but I’ll try to explain myself again: I totally agree that we shouldn’t “treat everyone the same.” In fact, I’ve often argued (in personal conversations, not on the internet) against the kind of colorblind teachings you reference. I agree that we must acknowledge race. (Pls realize I am not dismissing Wise’s writings. They are very interesting and I’m glad you shared them with me (as others have too)).

When I say that the racial component of this story never occurred to me, it’s not because I think everyone’s the same and we should treat everyone alike, it’s because I simply failed to understand that there was a racial component to the story. This is hard to convey online so I’ll just stop there for now and hope we can talk about this in person some time.

Elliot
Guest
Elliot

As it happens, Tim Wise will be in Portland to give a talk at PSU next Wednesday, April 10. Jonathan, I think it’d be amazing if you went and posed a question about the story. I’ll buy you a ticket.

http://www.pdx.edu/diversity/an-evening-with-tim-wise

longgone
Guest
longgone

Elliot…As this is the blog-o-sphere, and intention is difficult to interpret, I am curious as to your motive in regards to this. I have no idea of the repoire you might have with J.M., so I find this rather odd. Perhaps it is none of my bees wax…

Caleb
Guest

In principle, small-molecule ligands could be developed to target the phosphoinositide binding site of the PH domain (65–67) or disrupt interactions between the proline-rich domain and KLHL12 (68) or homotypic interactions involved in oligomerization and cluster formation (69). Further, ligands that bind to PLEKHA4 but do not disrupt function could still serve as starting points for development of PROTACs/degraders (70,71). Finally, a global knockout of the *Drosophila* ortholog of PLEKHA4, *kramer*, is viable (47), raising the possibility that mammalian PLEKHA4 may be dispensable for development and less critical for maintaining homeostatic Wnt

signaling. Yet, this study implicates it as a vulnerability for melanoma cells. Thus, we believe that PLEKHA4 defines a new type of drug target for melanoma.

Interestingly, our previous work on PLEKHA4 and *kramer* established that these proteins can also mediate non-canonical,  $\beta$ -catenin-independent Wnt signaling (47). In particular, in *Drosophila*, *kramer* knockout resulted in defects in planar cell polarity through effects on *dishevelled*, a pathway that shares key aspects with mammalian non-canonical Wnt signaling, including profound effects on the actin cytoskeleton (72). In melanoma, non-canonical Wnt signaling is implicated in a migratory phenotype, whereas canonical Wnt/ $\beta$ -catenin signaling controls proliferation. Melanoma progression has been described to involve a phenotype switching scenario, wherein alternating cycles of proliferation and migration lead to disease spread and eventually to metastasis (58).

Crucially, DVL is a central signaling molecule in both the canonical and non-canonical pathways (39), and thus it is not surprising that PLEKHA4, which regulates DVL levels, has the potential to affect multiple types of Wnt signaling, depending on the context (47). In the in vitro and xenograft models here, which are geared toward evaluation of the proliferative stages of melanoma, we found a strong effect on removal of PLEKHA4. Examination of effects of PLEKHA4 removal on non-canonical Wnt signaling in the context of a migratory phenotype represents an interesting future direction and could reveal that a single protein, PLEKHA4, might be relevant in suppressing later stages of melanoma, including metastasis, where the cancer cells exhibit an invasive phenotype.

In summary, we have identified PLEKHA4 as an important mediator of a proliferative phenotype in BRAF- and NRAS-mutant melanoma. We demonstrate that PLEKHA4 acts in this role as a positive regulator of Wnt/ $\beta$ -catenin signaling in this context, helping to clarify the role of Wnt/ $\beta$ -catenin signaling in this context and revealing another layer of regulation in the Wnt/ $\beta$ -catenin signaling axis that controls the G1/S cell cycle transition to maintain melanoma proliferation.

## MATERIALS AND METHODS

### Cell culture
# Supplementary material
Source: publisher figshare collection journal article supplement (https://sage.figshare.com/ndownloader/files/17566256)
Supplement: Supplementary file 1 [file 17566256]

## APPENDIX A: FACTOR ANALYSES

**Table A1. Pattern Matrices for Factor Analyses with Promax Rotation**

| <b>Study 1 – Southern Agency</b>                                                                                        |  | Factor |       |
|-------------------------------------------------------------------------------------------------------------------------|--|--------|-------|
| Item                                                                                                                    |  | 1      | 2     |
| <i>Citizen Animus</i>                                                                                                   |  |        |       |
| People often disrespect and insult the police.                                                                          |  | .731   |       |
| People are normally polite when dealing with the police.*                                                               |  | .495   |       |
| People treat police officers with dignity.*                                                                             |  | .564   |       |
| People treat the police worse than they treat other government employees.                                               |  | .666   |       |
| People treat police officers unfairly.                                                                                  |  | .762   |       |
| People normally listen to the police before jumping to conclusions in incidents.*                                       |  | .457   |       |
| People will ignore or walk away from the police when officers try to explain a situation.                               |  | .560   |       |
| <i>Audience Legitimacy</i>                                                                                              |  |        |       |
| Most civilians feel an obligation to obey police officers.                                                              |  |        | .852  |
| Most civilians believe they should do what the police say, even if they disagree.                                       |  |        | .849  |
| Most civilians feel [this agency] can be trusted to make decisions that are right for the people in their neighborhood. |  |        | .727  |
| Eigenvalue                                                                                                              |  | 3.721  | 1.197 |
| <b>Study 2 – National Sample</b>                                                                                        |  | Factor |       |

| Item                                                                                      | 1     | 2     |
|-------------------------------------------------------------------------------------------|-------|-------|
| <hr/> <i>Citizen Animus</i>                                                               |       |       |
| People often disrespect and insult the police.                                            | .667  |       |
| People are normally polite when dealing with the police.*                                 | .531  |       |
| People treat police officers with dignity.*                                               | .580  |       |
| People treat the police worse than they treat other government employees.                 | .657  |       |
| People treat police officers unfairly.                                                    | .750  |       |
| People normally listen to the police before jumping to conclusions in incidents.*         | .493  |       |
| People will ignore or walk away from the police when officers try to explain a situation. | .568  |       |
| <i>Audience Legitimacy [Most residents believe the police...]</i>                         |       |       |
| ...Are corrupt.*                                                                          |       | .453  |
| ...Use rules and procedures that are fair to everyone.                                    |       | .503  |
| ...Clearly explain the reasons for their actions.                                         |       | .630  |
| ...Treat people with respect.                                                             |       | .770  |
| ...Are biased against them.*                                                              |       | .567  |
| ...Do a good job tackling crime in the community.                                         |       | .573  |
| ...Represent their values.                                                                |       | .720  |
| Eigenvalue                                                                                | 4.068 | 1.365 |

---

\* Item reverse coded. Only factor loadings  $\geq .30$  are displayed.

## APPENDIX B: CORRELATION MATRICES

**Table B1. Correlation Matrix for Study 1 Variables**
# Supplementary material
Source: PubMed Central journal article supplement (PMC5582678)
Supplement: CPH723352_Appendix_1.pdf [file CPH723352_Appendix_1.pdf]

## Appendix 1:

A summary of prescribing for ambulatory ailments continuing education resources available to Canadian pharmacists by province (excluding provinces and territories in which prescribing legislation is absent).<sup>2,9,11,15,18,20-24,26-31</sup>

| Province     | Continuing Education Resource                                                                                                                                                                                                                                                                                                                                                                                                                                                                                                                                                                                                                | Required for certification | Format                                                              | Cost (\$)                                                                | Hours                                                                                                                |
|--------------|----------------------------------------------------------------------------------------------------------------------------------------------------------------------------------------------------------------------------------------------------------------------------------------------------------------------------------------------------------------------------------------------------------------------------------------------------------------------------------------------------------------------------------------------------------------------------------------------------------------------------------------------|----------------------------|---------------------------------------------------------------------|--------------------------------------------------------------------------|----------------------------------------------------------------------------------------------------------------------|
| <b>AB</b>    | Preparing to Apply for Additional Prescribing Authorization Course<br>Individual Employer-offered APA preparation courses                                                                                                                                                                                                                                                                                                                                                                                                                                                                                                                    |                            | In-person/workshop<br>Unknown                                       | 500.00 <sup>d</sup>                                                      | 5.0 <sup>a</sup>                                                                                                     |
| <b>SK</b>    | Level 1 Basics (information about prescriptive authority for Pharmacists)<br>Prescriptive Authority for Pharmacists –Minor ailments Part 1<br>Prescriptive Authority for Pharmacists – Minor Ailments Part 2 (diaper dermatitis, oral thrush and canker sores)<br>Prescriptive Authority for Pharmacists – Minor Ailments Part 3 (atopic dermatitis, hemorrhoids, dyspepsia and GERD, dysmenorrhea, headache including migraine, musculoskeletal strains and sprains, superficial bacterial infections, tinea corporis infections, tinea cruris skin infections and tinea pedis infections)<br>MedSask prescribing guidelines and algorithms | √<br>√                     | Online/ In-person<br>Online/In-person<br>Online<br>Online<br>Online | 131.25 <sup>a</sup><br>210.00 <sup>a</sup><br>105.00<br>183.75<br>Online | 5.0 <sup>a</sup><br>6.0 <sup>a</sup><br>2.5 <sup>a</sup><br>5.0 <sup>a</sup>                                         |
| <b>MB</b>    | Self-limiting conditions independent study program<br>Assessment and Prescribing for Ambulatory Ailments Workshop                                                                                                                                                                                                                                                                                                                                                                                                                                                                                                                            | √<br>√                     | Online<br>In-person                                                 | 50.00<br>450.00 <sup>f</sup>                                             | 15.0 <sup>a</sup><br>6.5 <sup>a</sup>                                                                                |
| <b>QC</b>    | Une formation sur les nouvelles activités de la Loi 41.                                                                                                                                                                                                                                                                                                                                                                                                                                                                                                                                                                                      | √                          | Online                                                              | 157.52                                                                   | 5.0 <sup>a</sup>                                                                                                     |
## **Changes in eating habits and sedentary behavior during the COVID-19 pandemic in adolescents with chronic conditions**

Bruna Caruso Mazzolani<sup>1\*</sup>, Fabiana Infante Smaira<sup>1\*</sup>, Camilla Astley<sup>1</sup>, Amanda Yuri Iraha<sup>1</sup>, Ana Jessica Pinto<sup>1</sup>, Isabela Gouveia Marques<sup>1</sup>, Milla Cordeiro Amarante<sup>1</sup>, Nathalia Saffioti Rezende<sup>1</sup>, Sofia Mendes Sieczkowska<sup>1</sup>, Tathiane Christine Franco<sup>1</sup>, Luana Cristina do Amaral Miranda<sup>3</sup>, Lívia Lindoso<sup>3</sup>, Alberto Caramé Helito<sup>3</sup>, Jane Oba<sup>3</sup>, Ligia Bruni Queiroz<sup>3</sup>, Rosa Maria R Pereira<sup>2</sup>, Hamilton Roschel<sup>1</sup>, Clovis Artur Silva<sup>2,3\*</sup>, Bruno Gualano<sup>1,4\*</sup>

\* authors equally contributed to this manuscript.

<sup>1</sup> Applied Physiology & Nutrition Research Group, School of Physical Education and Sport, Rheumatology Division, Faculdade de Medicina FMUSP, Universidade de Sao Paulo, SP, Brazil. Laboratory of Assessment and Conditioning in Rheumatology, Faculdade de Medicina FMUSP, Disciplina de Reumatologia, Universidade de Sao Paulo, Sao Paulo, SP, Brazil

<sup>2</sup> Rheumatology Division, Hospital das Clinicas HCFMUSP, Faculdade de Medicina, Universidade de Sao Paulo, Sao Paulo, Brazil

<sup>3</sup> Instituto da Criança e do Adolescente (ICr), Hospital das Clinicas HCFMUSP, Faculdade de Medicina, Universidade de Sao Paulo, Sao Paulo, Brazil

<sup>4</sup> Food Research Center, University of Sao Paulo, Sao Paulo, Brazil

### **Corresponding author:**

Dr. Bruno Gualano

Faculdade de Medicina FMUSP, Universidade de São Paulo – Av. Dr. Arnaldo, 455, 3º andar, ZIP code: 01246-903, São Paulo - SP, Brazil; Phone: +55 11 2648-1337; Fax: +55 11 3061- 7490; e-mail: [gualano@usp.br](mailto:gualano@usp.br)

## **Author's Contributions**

Caleb

Some laws are based on the premise that every citizen shall be treated equally regardless of the fact those citizens are not equal at all. The people enforcing those laws don’t have to assume everybody is equal in order to equally enforce such laws.

Similarly, if one’s “color blindness” takes the form of regarding and treating every individual without associating any presumptions with their races, then that “color blindness” won’t have the effects Wise speaks against.

The problem with “color blindness” is that people often use the phrase implying more or less than simply the absence of discrimination based on color, and such use effectively renders the phrase vague, so when people like JM use it meaning one thing, others might take it to mean something more or less. I hope that in future situations you will ask questions about peoples’ “color blindness” before characterizing it.

Jonathan Maus (Publisher/Editor)
Guest

Caleb,

Thanks for saying this. It’s an excellent insight and it’s something I’ve been thinking about a lot. It also speaks to the lack of context and limitations of the internet in understanding one another.

RE: color blindness – Just because I don’t see people’s color as impacting some situations does not mean that I am blind to people’s color in every situation. Please re-read that sentence.

In this one particular instance the men’s color did not occur to me. I am still working through why that is the case — but please understand that it’s not accurate to characterize me as someone who never sees and/or appreciates peoples’ racial/ethnic background.

Thanks.

Caleb
Guest
Caleb

You’re welcome, Jonathan. I’m glad my words could help foster more understanding.

Jonathan Maus (Publisher/Editor)
Guest

cw,

When I said I was raised to be color-blind I was stating a fact. I appreciate your comment though.

cyclist
Guest
cyclist

Jonathan, your response to question #1 is pretty weak. The question is, “[H]ow can I assure you that this will never happen again?” Your answer to that question is: